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The most famous health expert in the country, whose portrait adorns many front gardens, windows and cars, initially spoke out against dosing the anti-Covid vaccination differently than before. “I wouldn’t be for it,” said Fauci on New Year’s Day. “We will continue to do what we do.” Previously, Great Britain had started to align the dates for the two vaccinations from Pfizer / Biontech and Moderna more closely than the three and four weeks allotted for them. On several occasions, Fauci advised against postponing the second dose or changing the vaccination process without corresponding data being available.
Today Fauci takes a different view than at the beginning of January. Almost unnoticed, the US Disease Protection Agency (CDC) changed the recommendations for vaccination. Message and purpose: In “exceptional circumstances”, more flexibility should be possible. For example, patients should be able to get the two necessary doses of both vaccines approved in the USA, i.e. the first dose from Pfizer / Biontech, the second from Moderna – or vice versa. In addition, it should be possible to extend the time between the two vaccine doses from three or four weeks to six weeks, unless otherwise feasible.
“Frankly, from an immunological point of view, I don’t think that makes that much difference,” says Fauci now. You could extend the interval by “two additional weeks”. It is very difficult to vaccinate on time anyway. Fauci, confirmed by the new President Joe Biden as advisor, does not accept any objections to the new guidelines of the CDC. It was not least Biden who had already called for the two vaccine doses to be corrected before taking office. Not, however, because it is difficult to arrange appointments on time three or four weeks after the first vaccination. But because the scarce vaccine can be given to more people.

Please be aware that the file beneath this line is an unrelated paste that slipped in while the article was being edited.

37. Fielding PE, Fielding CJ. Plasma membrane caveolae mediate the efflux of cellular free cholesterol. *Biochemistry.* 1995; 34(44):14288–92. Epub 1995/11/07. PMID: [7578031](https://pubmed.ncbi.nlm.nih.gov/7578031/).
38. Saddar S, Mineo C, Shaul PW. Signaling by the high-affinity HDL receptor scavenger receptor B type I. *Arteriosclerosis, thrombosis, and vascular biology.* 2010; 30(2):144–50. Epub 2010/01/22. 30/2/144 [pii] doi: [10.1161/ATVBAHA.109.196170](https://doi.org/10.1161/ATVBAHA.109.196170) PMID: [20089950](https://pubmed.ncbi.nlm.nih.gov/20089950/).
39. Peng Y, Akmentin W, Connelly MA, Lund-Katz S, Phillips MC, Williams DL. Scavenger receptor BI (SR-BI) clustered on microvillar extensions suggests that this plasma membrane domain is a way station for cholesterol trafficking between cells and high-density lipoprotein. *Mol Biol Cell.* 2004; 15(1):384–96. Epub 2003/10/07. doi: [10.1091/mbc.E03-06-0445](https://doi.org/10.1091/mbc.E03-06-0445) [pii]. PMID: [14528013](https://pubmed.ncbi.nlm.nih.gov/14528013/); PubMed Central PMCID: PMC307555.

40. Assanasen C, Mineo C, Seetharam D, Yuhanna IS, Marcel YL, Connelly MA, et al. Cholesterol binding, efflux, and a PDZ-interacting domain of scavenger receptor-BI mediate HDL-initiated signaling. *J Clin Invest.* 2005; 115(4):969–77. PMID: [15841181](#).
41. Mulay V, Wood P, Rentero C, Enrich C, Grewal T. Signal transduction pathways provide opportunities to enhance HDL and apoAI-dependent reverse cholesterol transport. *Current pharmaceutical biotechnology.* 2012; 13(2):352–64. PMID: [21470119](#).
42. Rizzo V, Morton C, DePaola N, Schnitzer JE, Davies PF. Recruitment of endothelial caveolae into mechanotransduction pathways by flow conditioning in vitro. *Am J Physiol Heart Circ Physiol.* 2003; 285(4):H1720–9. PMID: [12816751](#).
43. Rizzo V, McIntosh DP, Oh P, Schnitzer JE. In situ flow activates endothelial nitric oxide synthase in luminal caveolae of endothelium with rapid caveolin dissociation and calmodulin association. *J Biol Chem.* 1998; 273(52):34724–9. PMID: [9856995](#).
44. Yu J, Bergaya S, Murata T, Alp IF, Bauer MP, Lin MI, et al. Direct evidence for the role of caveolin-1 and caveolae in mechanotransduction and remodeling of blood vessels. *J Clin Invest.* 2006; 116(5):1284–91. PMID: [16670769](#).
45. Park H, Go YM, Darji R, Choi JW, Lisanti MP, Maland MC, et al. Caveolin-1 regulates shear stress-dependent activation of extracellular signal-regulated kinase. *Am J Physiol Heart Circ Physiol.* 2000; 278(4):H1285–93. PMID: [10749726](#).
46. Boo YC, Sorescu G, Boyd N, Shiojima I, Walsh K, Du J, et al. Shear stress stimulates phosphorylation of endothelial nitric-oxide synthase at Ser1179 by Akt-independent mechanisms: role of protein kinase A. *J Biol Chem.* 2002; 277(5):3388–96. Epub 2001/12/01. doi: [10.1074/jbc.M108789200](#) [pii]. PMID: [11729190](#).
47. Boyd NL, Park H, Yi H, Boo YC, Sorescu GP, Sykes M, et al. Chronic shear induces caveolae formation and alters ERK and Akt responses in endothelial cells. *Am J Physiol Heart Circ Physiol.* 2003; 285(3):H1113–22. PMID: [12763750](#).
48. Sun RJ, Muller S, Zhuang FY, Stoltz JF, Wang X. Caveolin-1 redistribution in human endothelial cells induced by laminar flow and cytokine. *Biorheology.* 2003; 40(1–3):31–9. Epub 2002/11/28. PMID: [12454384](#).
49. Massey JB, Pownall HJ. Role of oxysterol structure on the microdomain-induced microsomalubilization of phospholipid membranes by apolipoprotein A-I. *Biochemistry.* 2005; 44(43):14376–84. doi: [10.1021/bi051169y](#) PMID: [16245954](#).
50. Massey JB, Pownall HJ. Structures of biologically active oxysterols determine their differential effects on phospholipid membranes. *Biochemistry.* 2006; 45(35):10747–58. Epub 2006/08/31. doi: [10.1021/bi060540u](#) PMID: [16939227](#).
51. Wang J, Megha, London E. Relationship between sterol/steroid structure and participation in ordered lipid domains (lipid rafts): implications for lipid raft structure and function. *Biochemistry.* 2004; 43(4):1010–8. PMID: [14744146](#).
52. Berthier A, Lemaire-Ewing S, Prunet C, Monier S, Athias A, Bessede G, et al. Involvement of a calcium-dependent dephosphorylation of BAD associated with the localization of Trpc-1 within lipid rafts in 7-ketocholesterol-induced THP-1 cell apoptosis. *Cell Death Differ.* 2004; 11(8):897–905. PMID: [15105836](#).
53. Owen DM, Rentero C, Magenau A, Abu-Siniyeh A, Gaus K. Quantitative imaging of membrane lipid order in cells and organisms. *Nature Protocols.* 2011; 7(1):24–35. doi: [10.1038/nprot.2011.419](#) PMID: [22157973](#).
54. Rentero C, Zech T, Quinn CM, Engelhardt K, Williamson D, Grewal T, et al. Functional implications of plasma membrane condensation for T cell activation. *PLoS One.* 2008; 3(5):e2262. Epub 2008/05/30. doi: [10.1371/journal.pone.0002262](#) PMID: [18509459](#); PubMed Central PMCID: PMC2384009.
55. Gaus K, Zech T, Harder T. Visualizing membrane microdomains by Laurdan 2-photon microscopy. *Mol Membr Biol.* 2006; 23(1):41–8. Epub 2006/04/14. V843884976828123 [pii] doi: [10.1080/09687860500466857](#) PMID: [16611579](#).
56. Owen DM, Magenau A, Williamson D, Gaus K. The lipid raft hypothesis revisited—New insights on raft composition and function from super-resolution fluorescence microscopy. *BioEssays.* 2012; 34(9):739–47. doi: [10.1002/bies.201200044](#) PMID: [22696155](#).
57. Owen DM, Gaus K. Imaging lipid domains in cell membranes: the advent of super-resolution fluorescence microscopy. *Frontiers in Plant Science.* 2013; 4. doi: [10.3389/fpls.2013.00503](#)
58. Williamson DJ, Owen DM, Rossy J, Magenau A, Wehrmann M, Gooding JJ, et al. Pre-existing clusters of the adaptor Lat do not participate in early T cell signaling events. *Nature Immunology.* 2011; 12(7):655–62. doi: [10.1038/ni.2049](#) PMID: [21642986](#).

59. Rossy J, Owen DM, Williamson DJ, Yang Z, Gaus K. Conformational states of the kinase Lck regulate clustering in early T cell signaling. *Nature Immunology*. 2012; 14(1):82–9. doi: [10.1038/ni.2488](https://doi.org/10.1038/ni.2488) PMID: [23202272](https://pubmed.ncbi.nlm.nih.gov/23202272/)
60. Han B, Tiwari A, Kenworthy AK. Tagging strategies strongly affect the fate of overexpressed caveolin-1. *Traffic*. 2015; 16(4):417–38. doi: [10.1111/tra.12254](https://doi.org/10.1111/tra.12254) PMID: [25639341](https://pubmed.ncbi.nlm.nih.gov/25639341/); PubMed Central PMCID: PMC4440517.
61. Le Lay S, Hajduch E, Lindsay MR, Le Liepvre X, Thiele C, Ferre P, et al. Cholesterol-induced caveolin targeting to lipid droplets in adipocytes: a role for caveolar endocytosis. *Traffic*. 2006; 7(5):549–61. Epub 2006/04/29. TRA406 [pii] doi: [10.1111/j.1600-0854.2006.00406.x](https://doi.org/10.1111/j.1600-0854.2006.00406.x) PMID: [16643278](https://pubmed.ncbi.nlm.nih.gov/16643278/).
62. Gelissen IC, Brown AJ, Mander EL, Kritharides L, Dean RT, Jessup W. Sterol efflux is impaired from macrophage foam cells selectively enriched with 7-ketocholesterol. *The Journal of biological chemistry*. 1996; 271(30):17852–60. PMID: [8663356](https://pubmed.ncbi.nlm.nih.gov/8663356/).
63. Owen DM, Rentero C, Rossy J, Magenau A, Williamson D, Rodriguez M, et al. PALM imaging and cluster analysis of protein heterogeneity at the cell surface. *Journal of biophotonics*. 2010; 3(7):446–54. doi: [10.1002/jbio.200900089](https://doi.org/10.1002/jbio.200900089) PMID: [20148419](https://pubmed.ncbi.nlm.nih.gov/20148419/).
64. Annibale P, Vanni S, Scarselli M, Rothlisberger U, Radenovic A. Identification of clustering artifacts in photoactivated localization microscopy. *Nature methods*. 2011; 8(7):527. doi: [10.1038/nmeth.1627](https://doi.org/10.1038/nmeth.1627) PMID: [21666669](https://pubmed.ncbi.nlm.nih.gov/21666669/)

The clinical trials tested the effectiveness of the second dose three or four weeks after the first. Pfizer / Biontech’s vaccine, for example, showed 95 percent effectiveness when its two doses were given three weeks apart.
Deviating from this scheme is “like going to the Wild West,” said Phyllis Tien, an infectious disease doctor at the University of California in San Francisco, in early January. But she also argues differently today. Given the spread of the virus and concerns about strains that may be more easily transmissible, rapid distribution of the vaccines is “of vital importance for public health,” Tien told WELT.
From a public health perspective, it is “okay” to get the vaccinations within six weeks instead of three or four weeks. But this should be an exception. Tien is also confident that Johnson & Johnson’s Janssen vaccine will receive emergency approval “in a few weeks”. This would alleviate concerns about vaccine shortages and “allow us to administer vaccines on a dose schedule based on the scientific data”. Test results from Johnson & Johnson are expected in the coming days. It could become the third vaccine approved in the United States.